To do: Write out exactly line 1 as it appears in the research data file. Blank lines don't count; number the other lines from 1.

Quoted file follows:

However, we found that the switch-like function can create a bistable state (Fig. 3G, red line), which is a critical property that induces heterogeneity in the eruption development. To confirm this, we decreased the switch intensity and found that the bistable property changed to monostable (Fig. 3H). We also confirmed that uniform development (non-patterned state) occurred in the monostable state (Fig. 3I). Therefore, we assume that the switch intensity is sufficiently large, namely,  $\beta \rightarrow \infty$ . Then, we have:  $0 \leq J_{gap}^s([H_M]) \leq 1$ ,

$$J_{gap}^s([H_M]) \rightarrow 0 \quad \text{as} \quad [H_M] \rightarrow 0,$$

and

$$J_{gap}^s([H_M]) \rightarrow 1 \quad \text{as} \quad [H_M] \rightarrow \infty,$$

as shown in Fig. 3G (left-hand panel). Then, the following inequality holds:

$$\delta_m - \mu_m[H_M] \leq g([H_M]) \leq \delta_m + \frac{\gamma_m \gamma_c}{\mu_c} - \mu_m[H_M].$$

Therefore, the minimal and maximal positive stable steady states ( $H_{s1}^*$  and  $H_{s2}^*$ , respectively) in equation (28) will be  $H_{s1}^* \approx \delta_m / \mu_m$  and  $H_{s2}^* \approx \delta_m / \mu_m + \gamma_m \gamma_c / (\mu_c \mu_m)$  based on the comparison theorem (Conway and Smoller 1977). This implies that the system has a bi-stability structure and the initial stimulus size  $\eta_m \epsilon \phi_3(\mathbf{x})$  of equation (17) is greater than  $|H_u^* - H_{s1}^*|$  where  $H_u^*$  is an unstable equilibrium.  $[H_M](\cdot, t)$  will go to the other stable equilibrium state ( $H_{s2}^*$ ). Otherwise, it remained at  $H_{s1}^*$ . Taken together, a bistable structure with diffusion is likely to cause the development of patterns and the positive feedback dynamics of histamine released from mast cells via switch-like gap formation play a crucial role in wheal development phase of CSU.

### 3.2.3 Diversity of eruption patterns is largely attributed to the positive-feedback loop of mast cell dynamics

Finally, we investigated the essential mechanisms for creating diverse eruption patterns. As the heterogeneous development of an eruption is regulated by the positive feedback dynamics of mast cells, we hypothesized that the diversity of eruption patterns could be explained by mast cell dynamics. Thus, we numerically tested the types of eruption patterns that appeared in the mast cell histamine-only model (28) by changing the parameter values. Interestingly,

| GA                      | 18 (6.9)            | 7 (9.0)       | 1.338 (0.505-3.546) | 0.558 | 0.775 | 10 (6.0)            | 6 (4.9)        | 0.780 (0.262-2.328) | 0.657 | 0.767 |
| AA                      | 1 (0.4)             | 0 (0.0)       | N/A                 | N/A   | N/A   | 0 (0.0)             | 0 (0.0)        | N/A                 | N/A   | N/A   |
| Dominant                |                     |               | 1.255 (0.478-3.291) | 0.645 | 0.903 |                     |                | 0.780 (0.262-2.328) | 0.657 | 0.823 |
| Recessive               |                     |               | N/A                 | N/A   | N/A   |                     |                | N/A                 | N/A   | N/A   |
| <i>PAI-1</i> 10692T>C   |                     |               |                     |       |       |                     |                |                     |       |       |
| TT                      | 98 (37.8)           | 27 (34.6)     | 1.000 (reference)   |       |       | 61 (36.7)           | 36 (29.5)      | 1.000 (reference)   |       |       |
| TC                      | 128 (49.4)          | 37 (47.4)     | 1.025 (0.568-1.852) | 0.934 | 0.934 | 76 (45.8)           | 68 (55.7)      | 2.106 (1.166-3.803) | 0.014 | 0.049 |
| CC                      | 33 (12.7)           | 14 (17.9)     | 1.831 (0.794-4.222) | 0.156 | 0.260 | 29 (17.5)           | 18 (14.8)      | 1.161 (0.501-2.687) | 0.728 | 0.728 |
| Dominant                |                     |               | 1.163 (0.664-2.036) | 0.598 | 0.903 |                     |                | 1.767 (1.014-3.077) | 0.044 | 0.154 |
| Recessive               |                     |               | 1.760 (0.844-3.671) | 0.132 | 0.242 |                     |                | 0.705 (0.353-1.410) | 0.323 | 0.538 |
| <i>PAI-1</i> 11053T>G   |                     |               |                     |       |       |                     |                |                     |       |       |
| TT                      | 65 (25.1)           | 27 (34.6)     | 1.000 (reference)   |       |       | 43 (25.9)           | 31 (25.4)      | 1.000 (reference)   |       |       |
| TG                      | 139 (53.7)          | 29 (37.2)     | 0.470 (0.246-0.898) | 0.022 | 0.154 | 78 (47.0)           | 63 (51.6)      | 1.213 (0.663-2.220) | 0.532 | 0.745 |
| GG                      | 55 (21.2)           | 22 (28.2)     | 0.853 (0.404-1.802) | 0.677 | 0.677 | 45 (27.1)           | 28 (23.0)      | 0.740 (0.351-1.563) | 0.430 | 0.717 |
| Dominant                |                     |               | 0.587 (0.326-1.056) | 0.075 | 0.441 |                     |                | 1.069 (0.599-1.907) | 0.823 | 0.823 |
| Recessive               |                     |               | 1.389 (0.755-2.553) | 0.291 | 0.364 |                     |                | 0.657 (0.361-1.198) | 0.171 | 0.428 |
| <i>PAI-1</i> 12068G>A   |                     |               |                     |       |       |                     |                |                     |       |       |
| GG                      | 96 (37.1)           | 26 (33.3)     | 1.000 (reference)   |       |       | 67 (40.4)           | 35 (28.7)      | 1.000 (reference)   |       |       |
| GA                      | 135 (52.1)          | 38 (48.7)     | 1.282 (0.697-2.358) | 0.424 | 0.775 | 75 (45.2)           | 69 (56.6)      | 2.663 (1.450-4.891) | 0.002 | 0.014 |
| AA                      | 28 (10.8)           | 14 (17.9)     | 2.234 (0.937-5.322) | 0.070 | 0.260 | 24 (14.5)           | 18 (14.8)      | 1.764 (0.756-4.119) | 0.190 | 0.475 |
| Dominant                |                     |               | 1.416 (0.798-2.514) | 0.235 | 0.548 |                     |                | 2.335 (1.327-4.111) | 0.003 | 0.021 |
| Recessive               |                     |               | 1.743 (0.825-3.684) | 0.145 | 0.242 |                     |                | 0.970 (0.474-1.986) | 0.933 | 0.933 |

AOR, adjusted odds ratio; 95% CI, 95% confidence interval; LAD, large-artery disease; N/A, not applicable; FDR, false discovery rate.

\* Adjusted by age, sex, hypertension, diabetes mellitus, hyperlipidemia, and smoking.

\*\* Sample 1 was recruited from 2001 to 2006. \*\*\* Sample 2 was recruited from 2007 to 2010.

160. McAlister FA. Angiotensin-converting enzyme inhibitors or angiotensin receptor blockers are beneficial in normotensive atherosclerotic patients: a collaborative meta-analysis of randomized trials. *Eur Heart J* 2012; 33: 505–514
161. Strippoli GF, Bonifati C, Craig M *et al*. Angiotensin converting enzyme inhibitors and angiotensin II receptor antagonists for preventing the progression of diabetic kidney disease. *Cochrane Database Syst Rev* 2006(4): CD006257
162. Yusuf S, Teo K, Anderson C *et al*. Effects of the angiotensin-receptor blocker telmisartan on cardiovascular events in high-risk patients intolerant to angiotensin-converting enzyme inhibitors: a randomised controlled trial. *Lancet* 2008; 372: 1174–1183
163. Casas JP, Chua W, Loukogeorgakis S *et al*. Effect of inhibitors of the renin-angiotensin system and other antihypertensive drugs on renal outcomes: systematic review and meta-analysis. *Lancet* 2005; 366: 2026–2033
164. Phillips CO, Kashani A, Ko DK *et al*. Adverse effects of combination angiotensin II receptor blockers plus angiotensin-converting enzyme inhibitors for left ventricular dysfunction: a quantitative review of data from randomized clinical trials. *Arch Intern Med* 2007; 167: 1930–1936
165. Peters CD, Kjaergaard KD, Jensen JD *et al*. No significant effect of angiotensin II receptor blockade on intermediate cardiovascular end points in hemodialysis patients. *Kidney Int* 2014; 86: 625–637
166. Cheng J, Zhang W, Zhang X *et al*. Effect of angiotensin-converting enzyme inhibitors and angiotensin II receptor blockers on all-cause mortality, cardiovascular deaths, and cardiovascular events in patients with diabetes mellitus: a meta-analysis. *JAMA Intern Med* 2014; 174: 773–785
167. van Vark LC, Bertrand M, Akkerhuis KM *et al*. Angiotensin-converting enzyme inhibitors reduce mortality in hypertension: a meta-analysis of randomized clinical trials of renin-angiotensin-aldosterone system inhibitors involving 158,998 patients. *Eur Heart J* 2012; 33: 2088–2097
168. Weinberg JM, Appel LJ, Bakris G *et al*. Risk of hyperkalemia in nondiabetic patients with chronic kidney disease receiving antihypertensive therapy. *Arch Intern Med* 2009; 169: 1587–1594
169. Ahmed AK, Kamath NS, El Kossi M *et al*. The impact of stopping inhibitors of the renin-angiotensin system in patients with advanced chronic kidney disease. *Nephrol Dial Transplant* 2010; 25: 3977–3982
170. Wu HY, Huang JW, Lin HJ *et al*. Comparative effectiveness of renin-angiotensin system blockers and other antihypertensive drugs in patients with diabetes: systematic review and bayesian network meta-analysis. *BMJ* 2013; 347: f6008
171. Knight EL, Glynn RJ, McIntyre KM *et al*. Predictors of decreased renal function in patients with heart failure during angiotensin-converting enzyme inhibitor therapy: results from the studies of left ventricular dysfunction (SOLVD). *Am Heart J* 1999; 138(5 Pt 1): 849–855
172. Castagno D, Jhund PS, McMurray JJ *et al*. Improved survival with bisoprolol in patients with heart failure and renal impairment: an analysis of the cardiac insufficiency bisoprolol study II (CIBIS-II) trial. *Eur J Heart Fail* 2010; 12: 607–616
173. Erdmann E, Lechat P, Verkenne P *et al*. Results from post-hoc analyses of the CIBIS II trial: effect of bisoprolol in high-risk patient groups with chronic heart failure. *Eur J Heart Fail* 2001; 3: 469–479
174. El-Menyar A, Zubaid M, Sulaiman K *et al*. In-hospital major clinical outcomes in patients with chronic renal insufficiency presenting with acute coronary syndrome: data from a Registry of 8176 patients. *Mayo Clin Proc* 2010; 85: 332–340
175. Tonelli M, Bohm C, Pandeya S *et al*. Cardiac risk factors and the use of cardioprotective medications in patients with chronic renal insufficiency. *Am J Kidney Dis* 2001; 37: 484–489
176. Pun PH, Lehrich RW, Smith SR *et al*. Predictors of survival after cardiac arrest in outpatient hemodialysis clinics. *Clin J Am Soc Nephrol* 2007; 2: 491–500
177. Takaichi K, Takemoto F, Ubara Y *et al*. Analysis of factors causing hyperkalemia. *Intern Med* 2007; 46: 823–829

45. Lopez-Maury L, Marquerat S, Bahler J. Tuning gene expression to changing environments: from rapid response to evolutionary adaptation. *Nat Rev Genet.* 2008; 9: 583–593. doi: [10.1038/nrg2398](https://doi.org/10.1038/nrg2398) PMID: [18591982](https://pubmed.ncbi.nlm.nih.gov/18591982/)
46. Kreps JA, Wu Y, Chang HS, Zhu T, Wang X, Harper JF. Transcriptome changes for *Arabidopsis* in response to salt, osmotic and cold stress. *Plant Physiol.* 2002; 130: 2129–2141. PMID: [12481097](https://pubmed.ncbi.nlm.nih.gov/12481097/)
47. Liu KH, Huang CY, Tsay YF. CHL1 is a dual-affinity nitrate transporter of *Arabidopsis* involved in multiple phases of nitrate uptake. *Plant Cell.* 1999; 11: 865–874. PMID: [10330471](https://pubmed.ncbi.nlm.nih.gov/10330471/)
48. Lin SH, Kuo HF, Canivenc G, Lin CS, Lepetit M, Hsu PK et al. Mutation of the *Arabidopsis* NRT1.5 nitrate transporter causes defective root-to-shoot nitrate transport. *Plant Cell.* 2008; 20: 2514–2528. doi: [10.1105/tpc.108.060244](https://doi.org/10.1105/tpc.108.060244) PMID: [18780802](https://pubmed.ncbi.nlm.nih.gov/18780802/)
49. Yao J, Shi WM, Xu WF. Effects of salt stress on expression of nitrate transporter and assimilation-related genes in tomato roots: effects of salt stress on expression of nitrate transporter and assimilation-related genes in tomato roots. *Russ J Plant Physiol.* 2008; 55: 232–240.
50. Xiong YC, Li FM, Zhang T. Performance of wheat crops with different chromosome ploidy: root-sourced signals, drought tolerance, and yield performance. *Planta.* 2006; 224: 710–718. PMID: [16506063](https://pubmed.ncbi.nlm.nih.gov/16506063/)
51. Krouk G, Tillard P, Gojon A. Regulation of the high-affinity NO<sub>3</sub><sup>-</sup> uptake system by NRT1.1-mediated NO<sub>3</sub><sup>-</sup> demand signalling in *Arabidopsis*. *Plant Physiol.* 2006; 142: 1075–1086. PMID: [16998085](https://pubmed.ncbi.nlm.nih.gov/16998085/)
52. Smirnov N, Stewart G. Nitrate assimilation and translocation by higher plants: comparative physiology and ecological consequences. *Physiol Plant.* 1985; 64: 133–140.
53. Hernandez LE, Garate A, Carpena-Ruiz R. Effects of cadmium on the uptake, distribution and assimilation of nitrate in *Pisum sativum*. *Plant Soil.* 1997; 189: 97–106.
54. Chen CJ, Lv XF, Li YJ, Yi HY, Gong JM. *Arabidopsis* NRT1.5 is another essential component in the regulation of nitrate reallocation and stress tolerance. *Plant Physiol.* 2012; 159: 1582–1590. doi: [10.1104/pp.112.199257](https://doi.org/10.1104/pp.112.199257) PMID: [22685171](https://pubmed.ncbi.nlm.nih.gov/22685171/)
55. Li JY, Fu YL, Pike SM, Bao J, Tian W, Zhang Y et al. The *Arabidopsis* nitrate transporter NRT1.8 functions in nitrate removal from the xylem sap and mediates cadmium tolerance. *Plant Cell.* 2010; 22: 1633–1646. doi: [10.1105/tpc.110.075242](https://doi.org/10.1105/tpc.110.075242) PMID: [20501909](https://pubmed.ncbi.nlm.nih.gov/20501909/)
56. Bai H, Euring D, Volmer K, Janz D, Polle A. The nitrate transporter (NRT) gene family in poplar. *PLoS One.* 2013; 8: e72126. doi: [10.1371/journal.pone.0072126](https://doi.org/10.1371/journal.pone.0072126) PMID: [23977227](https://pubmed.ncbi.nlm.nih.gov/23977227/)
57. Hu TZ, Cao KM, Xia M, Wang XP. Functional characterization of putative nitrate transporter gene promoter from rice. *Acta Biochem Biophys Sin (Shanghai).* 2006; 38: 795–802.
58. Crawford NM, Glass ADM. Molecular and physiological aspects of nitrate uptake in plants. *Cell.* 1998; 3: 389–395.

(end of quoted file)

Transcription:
However, we found that the switch-like function can create a bistable state (Fig. 3G, red line), which is a critical property that induces heterogeneity in the eruption development. To confirm this, we decreased the switch intensity and found that the bistable property changed to monostable (Fig. 3H). We also confirmed that uniform development (non-patterned state) occurred in the monostable state (Fig. 3I). Therefore, we assume that the switch intensity is sufficiently large, namely,  $\beta \rightarrow \infty$ . Then, we have:  $0 \leq J_{gap}^s([H_M]) \leq 1$ ,